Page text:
I live in southern Illinois. The middle of nowhere. There’s not much in the way of dramatic subject matter to shoot around here. Once spot looks pretty much like the rest. The difference is in the small details. And in the weather. There’s not a lot to recommend this place, but we do have four seasons. We have snow in winter, rain in spring, fall colors. And in the summer time the heat and humidity is so thick there are days you can see the air.
When I moved back here I opted for an Andrew Wyeth tactic for photography. You use the same subject matter, over and over until you finally create something that captures its essence. And by then you should have a pretty good clue exactly what its essence is.
With the change in agricultural practices over the last half of the twentieth century, the focus became on larger farms. Smaller farmers were wiped out and sold to their neighbors. The result was clearing houses, barns, field rows … whatever stood in the way of larger fields. Larger fields require larger tractors and time spent avoiding a barn, or a tree is wasted time. Plus it’s wasted space in that the idea is to maximize yield, not preserve the character and history of the landscape.
You’d think that with all this open landscape there would be lots of places to ramble. One thing great about Britain is the public right of way, which allows people to walk across farmland to get from one place to another. We don’t have that here. Instead we have private property, no trespassing. Everything is posted and at times, fiercely protected. What started out as a strong sense of self reliance in this country has become paranoia.
There’s one bit of woodland on the edge of town here where you can hike. It’s not like nature exactly, but there are trees. If you wander just a bit off the path, you find yourself in meadows, the woods, the creek and farm fields.
It was there I spotted the tree. Ancient for these parts and standing alone. Well, not quite alone. Across the field from it is its brother. Or sister. I’m not sure exactly how to tell the sex of trees.
I’d stand on the edge of the woods and look out at this lonely sentinel. Why was it spared? How did it feel to be so alone?
I began stalking the tree. I’d hike the tree line and shoot if from different angles. I’d trudge through the snow to capture it in winter, through the mud in spring, baking in the summer’s heat. And I’d get closer, no more than a few feet at a time. I wanted to approach it and show respect. Dignity. I wanted it to see me, to get used to me, like you do with wild things.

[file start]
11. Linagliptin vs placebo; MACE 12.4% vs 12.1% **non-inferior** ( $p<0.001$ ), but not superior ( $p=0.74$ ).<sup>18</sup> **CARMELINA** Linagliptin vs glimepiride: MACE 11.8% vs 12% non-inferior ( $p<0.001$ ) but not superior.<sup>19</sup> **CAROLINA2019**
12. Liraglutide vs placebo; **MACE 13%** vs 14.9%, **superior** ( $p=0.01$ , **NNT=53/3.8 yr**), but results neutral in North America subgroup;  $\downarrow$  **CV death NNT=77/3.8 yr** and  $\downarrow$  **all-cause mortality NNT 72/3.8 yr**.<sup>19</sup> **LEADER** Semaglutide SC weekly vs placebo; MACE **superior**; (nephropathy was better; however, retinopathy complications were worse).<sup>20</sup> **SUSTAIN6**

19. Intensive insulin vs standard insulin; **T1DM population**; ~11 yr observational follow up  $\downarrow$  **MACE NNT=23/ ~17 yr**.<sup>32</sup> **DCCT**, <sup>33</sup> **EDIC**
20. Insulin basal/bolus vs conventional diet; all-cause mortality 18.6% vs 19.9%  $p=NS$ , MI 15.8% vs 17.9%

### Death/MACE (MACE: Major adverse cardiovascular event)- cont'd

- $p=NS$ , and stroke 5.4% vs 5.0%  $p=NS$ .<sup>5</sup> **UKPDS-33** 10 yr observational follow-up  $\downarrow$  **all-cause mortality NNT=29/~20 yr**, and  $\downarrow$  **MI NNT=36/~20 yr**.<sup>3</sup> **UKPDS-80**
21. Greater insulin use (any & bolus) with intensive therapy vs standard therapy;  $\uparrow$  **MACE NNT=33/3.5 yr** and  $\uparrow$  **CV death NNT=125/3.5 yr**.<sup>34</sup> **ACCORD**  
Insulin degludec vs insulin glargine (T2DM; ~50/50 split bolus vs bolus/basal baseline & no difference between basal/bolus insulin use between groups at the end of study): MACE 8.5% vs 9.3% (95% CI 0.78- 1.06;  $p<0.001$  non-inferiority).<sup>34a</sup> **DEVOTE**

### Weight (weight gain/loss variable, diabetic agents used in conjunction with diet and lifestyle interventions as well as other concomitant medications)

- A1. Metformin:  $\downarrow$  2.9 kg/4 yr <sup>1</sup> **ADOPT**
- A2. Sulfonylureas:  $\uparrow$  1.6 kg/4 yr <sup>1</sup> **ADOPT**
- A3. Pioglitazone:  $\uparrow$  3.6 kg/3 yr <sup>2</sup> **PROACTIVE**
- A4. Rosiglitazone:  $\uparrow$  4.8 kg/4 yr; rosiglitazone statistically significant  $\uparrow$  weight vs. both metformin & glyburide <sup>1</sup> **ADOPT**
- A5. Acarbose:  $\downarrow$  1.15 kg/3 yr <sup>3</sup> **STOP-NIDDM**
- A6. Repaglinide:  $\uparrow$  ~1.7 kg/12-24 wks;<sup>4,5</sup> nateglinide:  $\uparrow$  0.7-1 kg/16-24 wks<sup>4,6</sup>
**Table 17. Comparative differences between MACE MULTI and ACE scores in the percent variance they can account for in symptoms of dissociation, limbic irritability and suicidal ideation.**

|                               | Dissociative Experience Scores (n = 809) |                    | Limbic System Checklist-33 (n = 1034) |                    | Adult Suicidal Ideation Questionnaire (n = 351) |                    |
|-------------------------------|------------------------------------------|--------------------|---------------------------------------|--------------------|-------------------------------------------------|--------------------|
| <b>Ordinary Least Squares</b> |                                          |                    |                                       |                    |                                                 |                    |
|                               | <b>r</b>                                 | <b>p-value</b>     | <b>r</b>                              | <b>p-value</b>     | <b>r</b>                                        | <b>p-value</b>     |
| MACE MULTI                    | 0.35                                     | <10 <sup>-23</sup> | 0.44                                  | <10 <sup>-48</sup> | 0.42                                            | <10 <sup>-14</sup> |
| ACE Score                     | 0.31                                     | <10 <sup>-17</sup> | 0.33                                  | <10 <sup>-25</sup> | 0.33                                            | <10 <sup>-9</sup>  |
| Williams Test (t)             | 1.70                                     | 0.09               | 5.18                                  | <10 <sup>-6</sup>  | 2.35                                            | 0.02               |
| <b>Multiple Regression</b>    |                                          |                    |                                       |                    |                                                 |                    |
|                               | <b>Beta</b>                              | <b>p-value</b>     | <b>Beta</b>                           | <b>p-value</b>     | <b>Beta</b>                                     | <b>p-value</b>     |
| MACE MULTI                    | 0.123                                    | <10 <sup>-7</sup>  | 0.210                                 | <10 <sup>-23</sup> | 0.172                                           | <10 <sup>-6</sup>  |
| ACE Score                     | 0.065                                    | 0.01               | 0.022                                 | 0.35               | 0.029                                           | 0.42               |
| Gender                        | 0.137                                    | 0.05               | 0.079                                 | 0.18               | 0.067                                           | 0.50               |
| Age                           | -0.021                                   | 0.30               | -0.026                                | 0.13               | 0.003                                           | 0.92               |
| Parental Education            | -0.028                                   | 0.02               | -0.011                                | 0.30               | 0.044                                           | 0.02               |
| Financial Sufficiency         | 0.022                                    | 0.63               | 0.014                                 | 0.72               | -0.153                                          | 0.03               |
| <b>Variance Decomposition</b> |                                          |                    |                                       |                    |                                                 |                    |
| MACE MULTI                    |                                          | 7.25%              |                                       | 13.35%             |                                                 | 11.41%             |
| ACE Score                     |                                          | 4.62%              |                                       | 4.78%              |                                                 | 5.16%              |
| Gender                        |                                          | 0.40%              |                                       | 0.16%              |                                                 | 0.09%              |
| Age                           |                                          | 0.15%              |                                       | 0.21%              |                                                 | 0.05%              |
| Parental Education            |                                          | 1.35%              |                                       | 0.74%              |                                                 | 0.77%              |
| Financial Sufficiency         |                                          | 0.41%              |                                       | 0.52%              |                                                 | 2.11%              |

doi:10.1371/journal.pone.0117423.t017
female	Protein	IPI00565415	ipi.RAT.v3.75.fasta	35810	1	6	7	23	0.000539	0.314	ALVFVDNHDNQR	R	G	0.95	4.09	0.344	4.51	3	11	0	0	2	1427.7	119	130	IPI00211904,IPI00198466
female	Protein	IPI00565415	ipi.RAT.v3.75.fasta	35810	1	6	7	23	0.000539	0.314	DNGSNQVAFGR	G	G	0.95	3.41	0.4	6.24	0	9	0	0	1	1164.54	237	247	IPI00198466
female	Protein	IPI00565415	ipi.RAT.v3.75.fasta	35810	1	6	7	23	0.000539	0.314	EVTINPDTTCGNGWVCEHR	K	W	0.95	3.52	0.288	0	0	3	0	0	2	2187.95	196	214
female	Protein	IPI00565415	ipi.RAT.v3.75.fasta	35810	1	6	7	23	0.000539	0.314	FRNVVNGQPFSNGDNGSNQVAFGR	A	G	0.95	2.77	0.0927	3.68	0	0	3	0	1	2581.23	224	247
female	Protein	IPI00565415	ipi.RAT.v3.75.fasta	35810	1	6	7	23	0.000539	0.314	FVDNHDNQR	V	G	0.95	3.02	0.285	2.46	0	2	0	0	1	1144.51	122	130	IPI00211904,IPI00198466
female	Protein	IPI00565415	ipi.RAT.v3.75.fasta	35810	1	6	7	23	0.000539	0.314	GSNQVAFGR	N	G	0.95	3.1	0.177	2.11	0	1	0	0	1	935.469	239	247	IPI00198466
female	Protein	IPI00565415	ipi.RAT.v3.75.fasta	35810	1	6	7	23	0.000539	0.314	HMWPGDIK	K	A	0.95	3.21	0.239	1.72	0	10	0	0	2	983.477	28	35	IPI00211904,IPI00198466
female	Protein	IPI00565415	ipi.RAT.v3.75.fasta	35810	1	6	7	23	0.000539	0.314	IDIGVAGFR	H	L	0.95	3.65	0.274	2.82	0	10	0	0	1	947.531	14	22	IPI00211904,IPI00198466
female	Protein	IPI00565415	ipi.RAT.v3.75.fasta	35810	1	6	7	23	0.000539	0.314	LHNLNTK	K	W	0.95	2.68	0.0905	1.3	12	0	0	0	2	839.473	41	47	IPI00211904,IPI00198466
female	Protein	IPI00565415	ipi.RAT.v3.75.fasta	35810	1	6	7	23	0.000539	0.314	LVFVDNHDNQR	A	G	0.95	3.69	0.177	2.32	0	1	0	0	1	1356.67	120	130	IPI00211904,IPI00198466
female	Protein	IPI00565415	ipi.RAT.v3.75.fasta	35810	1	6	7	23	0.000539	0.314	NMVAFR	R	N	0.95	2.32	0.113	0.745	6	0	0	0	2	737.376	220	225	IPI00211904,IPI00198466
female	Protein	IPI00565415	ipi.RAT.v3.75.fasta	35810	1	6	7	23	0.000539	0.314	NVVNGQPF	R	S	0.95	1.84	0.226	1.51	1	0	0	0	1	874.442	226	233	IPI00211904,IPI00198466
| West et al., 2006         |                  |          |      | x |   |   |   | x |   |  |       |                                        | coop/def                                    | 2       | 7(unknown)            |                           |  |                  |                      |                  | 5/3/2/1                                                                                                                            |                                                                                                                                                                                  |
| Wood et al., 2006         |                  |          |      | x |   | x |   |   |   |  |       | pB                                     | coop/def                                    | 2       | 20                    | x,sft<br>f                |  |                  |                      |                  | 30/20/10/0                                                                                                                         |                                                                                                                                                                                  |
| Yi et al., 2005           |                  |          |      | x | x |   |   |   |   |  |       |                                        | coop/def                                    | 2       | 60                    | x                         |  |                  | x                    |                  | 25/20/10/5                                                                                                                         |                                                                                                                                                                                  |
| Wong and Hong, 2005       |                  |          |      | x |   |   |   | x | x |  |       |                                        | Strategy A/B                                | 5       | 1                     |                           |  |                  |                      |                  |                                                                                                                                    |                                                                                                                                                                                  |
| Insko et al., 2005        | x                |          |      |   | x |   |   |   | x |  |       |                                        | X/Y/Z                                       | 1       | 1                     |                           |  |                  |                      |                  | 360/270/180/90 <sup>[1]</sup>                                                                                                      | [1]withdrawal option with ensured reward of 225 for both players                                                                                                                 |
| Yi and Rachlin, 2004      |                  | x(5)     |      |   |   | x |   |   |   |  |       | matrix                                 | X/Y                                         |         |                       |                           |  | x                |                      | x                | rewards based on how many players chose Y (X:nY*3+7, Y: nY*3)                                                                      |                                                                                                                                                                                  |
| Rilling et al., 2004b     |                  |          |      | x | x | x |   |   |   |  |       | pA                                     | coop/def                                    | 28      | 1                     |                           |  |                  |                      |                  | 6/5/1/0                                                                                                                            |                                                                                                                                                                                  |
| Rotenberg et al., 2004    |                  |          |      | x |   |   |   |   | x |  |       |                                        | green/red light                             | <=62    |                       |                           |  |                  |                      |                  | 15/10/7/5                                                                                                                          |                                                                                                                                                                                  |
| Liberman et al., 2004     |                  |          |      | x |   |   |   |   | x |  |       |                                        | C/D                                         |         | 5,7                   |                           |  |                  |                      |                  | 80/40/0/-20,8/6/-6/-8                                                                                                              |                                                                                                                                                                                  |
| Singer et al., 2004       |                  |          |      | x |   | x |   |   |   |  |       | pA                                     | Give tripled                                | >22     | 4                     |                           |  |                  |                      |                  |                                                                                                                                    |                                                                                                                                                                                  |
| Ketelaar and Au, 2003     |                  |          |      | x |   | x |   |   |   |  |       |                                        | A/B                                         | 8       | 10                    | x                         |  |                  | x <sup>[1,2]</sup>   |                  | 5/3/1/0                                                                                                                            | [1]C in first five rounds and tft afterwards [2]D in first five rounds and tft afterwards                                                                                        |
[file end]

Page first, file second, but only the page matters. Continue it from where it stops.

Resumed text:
People asked me what I named it. I didn’t name it anything. It’s a tree. Trees don’t need names. People need to give things name. Trees don’t.
For me, that’s where I break with a lot of pagans. Nature doesn’t have names, labels or anything human for that matter. Its laws aren’t codified nor rigidly enforced. The strange, the unusual, the inexplicable can happen at any time, for any or no reason.
A tree can stand for hundreds of years, and one lightning strike be gone in a flash.
It’s how the world evolves, and not all evolution is pretty, nor kind. It is after all for the most part, the strongest survive. The weak disappear. Maybe what makes us human is that we do look out for the small, the infirm, those who are alone and without our consciousness, would disappear.
Without our consciousness, our minds, we’d quickly disappear. I couldn’t live as my tree lives, alone in a field, without shelter, without company for that matter. Very few of us can stand alone in the wild. Where there are no names, no labels, and when you die, you fall to earth and become a part of it, without mourning, without recognition.
Finally I was able to walk up to it. There’s a creek which flows part of the year, and goes beside it. Which is likely the reason it’s survived the axe all these years. It served as an avenue as I walked the final few yards, till I could go right up to it and touch it. It felt alive.
And it feels like a friend. Not a close friend mind you. I’ve told it a few secrets, but nothing truly important. It is after all, just a tree.